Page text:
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The Gavin Newsom Show

Stephen Chbosky, Daniel Kraft and Naomi Wolf Music/Art. (2012) Director Stephen Chbosky; Daniel Kraft, Executive Director, FutureMed; author Naomi Wolf. New. (CC) (Stereo)

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01:00:00

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PG

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San Francisco, CA, USA

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Comcast Cable

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Virtual Ch. 107 (CURNT)

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mpeg2video

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ac3

PIXEL WIDTH
528

PIXEL HEIGHT
480

TOPIC FREQUENCY

Vagina 6, Us 6, Dennis 5, Gavin 5, Allstate 4, New York 3, Charlie 3, Pittsburgh 3, Vo 3, Michigan 2, Steven 2, Fila Loan 2, Obama 2, San Francisco 2, Africa 1, Or Paramedic 1, Boston Massachusetts 1, Dr. Daniel Kraft 1, Naomi Wolf 1, Whitman 1,
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  Current    The Gavin Newsom Show    Stephen Chbosky, Daniel Kraft and Naomi Wolf  Music/Art.   
   (2012) Director Stephen Chbosky; Daniel Kraft, Executive...  

    September 28, 2012
    11:00 - 12:00am PDT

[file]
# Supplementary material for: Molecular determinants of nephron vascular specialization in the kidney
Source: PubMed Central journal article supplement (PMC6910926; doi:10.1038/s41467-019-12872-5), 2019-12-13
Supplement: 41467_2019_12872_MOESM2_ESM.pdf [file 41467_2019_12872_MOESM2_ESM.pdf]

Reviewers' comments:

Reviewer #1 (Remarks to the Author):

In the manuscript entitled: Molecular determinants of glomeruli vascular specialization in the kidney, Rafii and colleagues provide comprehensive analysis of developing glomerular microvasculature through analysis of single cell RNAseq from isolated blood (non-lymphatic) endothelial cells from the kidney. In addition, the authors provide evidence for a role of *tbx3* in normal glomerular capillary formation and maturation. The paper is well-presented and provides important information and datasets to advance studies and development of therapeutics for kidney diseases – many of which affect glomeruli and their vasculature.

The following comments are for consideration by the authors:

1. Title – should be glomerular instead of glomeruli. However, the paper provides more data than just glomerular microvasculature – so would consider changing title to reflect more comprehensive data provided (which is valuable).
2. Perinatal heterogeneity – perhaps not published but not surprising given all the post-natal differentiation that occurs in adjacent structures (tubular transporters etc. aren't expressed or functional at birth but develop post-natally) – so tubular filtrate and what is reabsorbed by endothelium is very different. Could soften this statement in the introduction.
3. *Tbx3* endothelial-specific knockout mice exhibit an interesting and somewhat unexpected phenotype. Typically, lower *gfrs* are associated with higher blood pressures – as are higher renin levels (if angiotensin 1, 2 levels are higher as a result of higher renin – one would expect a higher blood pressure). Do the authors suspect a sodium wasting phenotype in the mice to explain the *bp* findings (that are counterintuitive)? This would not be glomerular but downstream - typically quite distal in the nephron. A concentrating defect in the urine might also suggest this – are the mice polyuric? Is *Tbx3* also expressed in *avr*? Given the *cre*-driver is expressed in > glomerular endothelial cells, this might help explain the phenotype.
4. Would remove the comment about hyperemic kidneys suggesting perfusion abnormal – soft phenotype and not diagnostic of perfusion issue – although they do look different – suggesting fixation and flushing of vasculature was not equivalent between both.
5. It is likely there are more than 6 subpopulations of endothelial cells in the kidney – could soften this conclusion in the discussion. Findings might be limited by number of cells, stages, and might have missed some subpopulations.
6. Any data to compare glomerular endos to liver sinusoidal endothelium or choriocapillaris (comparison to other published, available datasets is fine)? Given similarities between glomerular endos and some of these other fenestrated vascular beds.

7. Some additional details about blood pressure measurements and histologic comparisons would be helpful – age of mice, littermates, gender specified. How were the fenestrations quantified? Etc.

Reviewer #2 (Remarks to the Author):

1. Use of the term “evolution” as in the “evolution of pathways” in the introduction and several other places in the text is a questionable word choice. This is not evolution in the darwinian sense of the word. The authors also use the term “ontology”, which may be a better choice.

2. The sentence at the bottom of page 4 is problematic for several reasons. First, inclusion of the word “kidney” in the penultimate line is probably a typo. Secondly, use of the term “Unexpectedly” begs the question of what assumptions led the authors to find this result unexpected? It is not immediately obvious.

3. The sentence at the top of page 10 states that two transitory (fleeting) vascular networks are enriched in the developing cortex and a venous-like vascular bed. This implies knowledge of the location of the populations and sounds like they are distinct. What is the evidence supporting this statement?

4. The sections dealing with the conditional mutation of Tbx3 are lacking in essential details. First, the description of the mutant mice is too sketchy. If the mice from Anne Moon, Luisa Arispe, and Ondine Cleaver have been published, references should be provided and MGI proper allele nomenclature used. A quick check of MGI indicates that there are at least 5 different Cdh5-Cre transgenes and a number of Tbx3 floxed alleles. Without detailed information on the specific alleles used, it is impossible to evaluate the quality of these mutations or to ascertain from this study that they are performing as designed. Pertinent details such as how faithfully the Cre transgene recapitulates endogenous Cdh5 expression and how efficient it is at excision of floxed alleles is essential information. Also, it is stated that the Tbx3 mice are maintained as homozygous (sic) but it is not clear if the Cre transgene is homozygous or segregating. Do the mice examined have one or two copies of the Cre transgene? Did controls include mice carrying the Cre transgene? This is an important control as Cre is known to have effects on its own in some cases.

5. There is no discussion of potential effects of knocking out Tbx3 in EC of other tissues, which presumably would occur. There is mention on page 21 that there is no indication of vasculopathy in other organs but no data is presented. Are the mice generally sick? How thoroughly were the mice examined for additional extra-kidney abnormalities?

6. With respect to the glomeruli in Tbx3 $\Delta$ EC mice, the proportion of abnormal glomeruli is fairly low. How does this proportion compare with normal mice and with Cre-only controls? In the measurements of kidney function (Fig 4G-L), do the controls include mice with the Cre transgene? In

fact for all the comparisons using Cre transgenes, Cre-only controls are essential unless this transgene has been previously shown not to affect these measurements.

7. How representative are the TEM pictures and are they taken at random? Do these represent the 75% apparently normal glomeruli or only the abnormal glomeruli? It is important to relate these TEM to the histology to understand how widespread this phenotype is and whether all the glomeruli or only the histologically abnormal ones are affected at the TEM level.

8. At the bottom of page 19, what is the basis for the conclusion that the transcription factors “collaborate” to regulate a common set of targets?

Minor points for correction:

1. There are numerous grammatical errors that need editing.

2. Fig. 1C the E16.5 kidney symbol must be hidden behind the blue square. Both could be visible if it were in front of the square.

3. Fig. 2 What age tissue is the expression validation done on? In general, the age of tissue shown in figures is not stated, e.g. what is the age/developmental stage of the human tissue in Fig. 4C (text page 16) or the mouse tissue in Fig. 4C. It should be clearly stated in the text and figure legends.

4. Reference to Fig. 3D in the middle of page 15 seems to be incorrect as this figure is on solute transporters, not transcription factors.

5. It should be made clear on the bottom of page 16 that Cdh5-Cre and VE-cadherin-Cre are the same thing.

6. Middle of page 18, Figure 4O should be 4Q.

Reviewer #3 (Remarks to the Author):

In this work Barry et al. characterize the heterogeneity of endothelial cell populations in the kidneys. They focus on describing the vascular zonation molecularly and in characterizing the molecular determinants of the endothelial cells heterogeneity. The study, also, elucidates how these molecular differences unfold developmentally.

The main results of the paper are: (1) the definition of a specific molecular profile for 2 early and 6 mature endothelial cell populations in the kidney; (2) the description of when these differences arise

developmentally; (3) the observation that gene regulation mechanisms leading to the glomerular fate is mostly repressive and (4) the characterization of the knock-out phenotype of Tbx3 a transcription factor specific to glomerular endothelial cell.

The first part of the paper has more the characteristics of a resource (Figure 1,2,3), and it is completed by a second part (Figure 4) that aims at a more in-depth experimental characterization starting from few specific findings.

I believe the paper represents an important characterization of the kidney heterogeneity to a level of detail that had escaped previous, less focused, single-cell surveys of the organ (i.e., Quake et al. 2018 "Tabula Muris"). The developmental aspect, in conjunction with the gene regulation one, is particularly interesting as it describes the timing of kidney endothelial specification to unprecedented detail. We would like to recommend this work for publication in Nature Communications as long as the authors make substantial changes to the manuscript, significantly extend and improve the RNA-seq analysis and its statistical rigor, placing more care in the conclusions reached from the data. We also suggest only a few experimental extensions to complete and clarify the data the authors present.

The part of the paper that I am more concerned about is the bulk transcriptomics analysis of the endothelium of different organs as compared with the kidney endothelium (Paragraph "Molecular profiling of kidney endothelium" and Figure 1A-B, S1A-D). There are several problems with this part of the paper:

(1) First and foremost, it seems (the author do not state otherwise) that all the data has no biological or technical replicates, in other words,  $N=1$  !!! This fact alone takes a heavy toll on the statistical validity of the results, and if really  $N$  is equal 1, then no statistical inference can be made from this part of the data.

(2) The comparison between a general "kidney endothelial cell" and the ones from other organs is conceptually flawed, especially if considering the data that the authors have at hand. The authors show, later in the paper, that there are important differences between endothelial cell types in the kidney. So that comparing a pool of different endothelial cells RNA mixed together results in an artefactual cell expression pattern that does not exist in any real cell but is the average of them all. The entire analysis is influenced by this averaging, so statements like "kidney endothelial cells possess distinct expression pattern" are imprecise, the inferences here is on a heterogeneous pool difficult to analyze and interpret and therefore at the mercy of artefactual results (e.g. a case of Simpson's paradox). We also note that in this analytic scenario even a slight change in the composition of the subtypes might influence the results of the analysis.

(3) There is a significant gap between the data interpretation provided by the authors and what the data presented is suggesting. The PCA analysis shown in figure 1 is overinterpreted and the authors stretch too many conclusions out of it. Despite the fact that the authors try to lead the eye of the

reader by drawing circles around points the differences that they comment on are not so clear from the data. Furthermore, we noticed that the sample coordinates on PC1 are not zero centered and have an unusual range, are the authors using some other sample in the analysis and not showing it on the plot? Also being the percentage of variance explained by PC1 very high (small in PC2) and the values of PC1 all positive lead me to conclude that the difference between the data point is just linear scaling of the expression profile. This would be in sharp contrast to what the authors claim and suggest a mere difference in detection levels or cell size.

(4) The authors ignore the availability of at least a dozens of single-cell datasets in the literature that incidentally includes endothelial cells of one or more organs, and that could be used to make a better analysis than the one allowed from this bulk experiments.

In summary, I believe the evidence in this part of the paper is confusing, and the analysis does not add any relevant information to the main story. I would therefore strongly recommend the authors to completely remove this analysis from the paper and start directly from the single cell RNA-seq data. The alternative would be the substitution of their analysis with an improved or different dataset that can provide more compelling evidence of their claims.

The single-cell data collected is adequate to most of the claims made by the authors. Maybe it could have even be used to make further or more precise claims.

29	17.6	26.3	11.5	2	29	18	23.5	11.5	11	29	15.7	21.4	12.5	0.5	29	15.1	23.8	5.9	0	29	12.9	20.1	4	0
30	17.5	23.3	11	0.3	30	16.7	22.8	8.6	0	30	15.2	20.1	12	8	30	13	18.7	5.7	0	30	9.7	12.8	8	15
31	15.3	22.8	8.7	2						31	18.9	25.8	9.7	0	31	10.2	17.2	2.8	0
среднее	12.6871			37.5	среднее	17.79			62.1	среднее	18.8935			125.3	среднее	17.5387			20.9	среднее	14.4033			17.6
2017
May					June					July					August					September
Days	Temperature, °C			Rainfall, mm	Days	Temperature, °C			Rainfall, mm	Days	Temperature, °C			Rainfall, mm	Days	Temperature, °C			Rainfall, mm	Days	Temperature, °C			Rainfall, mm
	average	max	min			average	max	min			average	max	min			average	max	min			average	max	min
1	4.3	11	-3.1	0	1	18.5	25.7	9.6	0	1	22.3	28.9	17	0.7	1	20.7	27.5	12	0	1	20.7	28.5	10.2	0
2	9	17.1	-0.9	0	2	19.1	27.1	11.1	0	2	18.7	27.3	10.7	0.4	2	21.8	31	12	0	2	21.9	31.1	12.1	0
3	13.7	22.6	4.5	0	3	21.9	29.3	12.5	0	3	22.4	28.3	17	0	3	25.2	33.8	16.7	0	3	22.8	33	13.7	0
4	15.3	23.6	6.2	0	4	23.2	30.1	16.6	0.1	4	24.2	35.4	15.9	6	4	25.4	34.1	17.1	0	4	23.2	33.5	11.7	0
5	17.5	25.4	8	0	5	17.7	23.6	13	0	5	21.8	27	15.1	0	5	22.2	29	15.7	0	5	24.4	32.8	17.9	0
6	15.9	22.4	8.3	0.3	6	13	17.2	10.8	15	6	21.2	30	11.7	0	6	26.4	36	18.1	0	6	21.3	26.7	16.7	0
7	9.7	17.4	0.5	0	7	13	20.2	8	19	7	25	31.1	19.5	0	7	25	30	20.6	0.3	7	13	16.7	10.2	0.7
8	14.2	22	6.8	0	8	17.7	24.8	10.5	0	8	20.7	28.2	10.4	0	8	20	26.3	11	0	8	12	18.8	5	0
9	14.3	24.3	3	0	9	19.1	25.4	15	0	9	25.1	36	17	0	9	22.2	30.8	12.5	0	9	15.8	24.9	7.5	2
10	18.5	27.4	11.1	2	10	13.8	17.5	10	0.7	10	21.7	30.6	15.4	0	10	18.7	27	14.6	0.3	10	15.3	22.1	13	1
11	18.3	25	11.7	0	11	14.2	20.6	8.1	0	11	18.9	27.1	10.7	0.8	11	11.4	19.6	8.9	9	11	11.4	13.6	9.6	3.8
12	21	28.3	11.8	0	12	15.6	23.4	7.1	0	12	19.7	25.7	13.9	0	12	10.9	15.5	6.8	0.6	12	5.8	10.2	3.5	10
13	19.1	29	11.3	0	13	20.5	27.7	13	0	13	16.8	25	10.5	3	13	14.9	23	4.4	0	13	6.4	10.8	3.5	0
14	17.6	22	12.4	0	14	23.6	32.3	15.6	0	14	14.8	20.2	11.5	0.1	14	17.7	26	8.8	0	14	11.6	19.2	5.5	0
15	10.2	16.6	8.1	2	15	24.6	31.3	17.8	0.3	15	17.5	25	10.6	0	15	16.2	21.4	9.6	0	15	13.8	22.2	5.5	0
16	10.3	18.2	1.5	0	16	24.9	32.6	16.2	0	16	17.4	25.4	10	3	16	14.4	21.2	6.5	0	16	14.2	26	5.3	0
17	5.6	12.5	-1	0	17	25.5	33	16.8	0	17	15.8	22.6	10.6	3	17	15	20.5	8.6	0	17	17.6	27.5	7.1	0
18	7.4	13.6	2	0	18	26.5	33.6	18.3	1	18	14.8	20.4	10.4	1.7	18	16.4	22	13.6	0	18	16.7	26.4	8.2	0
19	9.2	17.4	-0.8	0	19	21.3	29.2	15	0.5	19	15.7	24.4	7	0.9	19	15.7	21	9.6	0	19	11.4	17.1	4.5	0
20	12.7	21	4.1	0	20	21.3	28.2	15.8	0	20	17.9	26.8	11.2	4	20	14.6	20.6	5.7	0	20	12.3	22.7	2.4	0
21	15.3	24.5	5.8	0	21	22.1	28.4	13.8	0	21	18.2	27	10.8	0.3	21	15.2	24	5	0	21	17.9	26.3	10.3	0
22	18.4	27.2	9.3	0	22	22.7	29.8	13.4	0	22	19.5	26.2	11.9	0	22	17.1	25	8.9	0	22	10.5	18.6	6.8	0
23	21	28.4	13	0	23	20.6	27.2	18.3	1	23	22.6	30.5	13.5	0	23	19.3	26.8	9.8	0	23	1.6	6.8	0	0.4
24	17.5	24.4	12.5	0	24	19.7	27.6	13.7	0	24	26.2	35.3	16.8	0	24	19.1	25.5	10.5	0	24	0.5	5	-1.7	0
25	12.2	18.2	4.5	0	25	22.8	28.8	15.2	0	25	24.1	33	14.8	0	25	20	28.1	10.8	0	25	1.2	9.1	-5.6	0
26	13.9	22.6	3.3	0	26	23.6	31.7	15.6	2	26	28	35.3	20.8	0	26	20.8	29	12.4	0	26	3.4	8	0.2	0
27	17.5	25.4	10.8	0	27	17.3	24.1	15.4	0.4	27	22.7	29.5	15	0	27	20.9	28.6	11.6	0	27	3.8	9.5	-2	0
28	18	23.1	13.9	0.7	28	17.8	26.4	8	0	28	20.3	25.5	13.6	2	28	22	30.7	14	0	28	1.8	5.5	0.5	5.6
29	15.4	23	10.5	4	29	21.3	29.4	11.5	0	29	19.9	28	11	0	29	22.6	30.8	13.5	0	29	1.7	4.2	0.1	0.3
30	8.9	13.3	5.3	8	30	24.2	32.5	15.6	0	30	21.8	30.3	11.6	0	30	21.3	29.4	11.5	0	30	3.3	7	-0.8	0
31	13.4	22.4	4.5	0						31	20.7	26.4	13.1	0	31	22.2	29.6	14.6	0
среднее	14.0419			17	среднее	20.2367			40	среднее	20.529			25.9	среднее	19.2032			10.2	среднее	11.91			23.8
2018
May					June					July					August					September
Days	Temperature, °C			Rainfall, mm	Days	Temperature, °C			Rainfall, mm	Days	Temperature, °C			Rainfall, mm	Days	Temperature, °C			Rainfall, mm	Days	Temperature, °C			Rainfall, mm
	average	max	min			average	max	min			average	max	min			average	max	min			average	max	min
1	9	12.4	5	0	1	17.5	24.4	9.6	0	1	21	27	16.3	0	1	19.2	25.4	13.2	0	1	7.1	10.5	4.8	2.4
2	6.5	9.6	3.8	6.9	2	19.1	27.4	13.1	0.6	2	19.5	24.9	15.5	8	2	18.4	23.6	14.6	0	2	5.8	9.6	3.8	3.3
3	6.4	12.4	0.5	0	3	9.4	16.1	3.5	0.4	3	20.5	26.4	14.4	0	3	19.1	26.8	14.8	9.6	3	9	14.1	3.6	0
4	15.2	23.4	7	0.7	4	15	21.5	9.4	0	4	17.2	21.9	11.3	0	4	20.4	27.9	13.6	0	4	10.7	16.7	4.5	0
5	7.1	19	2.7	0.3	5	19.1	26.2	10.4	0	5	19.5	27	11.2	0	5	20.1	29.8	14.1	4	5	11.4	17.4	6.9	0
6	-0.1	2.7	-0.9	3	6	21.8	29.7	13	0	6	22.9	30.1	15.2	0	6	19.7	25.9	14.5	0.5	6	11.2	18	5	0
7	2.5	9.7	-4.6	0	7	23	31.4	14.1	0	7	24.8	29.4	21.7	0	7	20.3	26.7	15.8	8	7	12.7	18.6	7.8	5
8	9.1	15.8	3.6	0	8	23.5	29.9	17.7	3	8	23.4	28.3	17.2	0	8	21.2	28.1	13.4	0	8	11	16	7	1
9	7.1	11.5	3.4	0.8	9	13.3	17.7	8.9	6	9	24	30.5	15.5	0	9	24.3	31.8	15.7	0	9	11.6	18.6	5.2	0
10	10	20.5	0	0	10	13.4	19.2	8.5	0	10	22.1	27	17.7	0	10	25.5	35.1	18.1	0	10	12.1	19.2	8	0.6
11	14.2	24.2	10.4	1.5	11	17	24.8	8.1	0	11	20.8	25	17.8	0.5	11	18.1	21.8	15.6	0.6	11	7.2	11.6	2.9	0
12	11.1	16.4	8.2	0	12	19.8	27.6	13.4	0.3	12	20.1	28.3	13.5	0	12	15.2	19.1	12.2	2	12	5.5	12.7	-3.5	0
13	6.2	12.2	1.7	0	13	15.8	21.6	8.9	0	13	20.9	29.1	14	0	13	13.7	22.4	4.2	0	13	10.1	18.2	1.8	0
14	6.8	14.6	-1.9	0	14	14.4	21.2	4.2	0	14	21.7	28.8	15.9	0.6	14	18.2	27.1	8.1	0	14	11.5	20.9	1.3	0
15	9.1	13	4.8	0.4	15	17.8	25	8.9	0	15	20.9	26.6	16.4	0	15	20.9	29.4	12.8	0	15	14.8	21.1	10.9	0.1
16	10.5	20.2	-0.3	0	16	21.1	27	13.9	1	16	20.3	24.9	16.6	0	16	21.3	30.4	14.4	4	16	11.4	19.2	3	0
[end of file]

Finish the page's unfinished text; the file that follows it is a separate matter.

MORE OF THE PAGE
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of future med daniel craft here is. and one woman who is not afraid for say the word vagina, nigh noami wolf has a new book named after that particular body part and joining us to talk about it. first author, director, steven, steven, it's great to have you on the show. >> thank you yes. >> gavin: this is unbelievable. your book, you wrote in 1999, and i just come to find out that last month, for the nurse time some 13 years later it hits the new york times best setter list, it only took 1 million copies to be sold in 14 countries around the world. >> lightly more than that, but yes. you are close. you are absolutely close. >> gavin: what do you think made this boo being so important book so important and did you know when you were writing it that it would have this kind of impact? >> you can't plan for something like that. i wrote this book for very personal reasons, at the time i was 26, going through a rough time.